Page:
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Panama Papers expose UK role in global corruption

Written by Rachel Davies on Thursday, 14 April 2016

 

This article was first published in The Observer on 10 April 2016.

 

The Panama Papers confirm what has long been suspected – that the UK plays an extensive role in facilitating global money laundering and corruption. When corrupt individuals steal public funds, they need to find a safe place to hide them. The UK is a prime destination.

Of 214,000 corporate entities exposed, 113,000 were registered in the BVI, a British overseas territory. 1,924 UK professionals worked with Mossack Fonseca to manage the companies.

So why here? The UK is a global financial centre with links to offshore secrecy havens and a plethora of ways to buy a luxury lifestyle and gain respectability.

Investing corrupt funds into assets such as UK property is a safe bet. Rising house prices ensure a secure investment, and if you use a BVI company to hide your identity then the layers of secrecy facilitated by the offshore company structure will prevent law enforcement from discovering who you really are.

Transparency International research identified 36,000 London properties owned by secretive companies. Not even the Land Registry knows who owns these homes. Were all those houses bought using illicit money? Probably not, but the rules create an environment where the corrupt can easily hide. Potentially, money stolen from healthcare and education budgets is finding fertile ground in UK property. It’s not good news for Londoners either. The NCA has stated that an influx of laundered money is driving up prices.

The May Anti-Corruption Summit provides a crucial opportunity for the UK to get its own house in order. The Prime Minister has come under increased scrutiny this week, so what he does next is critical. Last year he said the UK would not be a haven for dirty cash. The rhetoric is good, but if there really is political will to back up the words then substantial action must follow.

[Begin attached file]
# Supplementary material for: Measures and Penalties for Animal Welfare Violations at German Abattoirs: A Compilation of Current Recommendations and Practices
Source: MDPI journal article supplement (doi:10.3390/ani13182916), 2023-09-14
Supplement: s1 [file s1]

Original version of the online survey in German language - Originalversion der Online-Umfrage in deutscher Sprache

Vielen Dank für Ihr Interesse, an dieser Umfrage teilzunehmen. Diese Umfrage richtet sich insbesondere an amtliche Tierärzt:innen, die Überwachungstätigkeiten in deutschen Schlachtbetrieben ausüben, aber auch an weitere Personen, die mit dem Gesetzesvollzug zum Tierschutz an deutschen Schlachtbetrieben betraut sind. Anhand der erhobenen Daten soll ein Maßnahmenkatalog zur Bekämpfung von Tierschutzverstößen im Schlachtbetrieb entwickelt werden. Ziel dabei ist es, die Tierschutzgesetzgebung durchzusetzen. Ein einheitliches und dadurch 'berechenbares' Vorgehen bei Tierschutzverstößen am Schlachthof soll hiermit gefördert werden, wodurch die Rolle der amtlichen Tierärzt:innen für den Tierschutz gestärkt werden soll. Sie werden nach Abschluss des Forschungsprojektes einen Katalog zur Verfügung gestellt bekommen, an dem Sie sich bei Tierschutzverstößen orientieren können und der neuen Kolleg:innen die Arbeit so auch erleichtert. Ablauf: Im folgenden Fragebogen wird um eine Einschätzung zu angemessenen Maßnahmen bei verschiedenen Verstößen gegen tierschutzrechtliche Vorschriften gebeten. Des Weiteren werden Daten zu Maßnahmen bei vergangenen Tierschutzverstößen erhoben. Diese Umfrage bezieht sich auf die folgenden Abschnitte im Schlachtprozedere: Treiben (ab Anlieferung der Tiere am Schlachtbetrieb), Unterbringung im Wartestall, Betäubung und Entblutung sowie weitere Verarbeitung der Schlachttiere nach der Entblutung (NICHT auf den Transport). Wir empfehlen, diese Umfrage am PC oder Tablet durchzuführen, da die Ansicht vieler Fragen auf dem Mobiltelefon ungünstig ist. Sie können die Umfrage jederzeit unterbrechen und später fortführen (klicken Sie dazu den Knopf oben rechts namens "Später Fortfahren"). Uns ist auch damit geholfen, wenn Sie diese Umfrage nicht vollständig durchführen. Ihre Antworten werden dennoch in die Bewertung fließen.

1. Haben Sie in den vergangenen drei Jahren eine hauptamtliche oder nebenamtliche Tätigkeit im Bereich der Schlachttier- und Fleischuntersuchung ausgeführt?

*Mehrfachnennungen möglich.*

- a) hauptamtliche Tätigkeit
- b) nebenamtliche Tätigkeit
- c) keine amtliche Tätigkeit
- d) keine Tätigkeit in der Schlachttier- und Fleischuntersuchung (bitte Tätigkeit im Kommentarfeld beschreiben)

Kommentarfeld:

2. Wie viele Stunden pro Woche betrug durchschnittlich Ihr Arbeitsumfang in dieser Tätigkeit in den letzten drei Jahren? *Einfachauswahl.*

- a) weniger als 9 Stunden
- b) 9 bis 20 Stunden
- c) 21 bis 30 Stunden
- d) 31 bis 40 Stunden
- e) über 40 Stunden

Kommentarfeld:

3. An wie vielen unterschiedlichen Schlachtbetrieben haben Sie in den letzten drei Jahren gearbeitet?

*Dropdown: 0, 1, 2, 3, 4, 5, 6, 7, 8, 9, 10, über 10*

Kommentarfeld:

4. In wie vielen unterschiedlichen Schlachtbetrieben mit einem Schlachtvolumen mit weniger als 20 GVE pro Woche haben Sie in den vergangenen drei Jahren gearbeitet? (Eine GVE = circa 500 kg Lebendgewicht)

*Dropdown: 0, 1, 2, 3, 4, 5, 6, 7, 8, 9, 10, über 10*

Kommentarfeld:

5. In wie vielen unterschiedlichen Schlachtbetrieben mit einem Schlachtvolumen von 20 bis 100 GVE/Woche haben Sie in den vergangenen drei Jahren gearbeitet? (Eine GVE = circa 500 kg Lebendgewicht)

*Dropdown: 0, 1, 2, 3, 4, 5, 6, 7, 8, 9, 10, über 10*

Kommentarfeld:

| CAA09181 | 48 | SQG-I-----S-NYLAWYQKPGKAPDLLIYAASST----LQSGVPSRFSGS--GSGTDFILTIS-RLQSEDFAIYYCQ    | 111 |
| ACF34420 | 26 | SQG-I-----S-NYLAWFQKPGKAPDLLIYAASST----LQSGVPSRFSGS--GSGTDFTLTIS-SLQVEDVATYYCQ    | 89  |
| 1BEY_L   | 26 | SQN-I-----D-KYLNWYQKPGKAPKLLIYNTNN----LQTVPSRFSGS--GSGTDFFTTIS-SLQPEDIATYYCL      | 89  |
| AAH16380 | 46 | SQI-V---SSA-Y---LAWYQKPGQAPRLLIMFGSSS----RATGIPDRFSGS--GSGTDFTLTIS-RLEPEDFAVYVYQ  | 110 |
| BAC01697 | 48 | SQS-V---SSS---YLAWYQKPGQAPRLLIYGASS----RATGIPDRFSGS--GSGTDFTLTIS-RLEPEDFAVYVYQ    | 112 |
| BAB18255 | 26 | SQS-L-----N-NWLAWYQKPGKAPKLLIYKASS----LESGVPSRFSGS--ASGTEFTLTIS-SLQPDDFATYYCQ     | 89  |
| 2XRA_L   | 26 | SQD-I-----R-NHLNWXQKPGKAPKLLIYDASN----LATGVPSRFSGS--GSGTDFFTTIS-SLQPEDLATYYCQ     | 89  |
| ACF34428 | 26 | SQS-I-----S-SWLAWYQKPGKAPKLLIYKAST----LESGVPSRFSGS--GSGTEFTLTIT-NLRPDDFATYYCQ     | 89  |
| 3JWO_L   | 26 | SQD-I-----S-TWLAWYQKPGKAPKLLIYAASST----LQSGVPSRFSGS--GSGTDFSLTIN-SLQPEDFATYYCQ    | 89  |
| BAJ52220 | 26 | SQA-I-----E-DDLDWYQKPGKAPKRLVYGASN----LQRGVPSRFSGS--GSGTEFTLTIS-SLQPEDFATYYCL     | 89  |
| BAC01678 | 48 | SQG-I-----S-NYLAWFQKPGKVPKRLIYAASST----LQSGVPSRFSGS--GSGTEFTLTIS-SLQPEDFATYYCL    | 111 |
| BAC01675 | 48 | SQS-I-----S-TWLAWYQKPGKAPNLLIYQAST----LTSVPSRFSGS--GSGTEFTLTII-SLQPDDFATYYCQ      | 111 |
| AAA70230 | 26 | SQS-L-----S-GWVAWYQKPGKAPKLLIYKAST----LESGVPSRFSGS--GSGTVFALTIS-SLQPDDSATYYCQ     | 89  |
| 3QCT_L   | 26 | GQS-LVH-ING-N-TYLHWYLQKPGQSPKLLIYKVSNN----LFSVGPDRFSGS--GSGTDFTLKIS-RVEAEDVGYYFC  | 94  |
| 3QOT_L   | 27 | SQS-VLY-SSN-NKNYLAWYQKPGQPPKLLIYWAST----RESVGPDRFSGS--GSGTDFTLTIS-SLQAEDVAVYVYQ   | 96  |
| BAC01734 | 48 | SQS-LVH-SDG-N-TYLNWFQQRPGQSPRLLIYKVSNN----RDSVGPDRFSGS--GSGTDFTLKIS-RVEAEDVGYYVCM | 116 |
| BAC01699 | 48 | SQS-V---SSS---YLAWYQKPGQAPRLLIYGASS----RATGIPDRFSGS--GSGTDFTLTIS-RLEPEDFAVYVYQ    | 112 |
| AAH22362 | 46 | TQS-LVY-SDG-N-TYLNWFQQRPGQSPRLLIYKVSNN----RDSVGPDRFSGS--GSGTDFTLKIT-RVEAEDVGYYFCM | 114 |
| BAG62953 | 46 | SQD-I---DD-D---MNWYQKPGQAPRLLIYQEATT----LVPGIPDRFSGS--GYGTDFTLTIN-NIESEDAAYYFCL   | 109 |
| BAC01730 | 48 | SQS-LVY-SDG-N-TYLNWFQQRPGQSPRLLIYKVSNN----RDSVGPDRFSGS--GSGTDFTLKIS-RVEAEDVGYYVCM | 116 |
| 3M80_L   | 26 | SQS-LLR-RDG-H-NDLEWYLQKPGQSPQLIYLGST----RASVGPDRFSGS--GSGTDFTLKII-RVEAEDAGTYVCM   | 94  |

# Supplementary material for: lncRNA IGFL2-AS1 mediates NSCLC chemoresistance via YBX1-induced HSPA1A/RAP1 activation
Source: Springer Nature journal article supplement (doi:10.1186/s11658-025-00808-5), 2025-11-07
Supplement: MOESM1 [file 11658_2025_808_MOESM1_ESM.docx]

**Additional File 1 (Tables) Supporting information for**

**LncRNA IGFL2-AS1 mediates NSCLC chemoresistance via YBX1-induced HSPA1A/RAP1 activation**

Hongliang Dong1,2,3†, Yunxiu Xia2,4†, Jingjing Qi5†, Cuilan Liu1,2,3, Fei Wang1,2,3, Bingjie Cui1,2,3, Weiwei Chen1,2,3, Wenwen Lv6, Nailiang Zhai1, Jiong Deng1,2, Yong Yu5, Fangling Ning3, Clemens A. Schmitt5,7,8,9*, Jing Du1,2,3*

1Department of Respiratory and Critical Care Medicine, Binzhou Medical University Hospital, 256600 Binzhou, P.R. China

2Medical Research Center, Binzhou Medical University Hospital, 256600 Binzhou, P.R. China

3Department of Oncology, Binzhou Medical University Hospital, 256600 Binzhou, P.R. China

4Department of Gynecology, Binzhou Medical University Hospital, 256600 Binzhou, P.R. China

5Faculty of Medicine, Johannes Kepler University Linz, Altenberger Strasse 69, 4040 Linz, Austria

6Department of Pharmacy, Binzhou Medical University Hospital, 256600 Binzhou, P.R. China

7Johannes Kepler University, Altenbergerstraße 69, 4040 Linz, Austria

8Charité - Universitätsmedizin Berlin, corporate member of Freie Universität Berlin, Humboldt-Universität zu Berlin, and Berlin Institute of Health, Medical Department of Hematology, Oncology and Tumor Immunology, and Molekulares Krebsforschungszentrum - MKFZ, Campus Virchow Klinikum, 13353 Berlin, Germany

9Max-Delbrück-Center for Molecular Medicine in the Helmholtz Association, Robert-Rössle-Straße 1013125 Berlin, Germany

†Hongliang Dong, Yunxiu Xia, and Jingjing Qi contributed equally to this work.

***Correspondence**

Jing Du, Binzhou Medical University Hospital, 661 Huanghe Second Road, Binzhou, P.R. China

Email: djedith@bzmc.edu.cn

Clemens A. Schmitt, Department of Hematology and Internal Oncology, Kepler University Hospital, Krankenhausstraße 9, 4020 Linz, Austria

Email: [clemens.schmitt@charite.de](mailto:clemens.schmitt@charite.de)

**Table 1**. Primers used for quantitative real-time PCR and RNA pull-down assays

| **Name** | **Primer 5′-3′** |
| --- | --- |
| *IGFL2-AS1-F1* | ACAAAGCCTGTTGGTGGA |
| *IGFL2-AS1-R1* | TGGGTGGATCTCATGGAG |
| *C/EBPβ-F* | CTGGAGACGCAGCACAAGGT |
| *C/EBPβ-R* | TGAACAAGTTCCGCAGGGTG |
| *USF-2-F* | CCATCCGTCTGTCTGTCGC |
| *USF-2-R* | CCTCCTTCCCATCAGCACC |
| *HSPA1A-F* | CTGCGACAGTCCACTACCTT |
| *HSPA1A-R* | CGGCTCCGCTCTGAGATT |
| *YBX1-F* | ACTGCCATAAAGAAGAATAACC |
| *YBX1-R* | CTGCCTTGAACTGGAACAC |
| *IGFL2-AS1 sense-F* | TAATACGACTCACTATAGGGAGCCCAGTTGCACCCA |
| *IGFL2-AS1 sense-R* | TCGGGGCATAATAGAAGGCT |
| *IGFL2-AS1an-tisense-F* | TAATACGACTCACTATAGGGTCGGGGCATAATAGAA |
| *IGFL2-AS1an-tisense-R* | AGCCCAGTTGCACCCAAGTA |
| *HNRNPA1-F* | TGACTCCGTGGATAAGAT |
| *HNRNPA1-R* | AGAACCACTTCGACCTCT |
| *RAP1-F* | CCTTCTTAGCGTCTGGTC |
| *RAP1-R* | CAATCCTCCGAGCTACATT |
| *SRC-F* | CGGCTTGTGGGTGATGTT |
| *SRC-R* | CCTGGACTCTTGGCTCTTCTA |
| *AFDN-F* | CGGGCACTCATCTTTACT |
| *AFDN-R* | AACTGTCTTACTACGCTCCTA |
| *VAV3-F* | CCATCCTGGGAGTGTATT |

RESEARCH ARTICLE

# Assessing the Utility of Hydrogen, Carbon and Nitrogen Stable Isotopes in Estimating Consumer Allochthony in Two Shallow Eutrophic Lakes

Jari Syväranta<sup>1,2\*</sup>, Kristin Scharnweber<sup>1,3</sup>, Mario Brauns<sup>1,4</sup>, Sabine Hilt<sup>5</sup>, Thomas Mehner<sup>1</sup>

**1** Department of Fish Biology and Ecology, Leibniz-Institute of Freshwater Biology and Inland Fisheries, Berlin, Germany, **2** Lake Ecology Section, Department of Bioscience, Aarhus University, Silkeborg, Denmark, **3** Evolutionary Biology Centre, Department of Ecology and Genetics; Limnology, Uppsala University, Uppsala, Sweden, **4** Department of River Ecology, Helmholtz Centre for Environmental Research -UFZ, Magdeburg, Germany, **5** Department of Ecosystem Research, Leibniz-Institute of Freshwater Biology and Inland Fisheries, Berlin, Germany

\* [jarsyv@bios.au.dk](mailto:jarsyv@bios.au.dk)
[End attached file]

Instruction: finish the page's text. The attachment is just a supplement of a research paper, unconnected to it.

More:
Here are ten things that the Prime Minister should aim to achieve at the Summit:

 

Ensure the UK’s Overseas Territories and Crown Dependencies reveal who really owns the companies registered on their shores

These jurisdictions have committed to implement centralised registers of company ownership or ‘similarly effective systems’. This simply isn’t enough. The Panama Papers show the power of an inquisitive civil society with access to information, which is why having public centralised registers of the true owners of companies is essential to root out corruption. There should be nowhere for the corrupt to hide. The Overseas Territories and Crown Dependencies are within the UK’s control – The Prime Minister should make his move, as well as pressing for a global central register of true ownership once he can prove he has made real UK progress.

Root corrupt money out of UK property and reveal true holders of the keys to UK homes

The files include the details of 2,800 secret companies, or “vehicles”, linked to 6,000 title deeds worth over £7bn in the UK.  Historical data from UK law enforcement has confirmed that these anonymous companies are the main vehicles used by corrupt individuals to launder illicit funds into the UK property market. Overseas companies should declare who really owns them before purchasing UK property.

Act on unexplained wealth by increasing the capabilities of the UK to seize corrupt funds

Amidst allegations of corruption and exhibiting suspicious wealth, those with connections to public office, such as Alaa Mubarak or the family of the Azeri President, should be subjected to high levels of scrutiny by law enforcement when purchasing property via secret companies. A civil mechanism like unexplained wealth orders would require those with suspicious wealth seeking to acquire assets to explain the source of this wealth and prove its legality.

Develop accountable asset recovery agreements with cooperative jurisdictions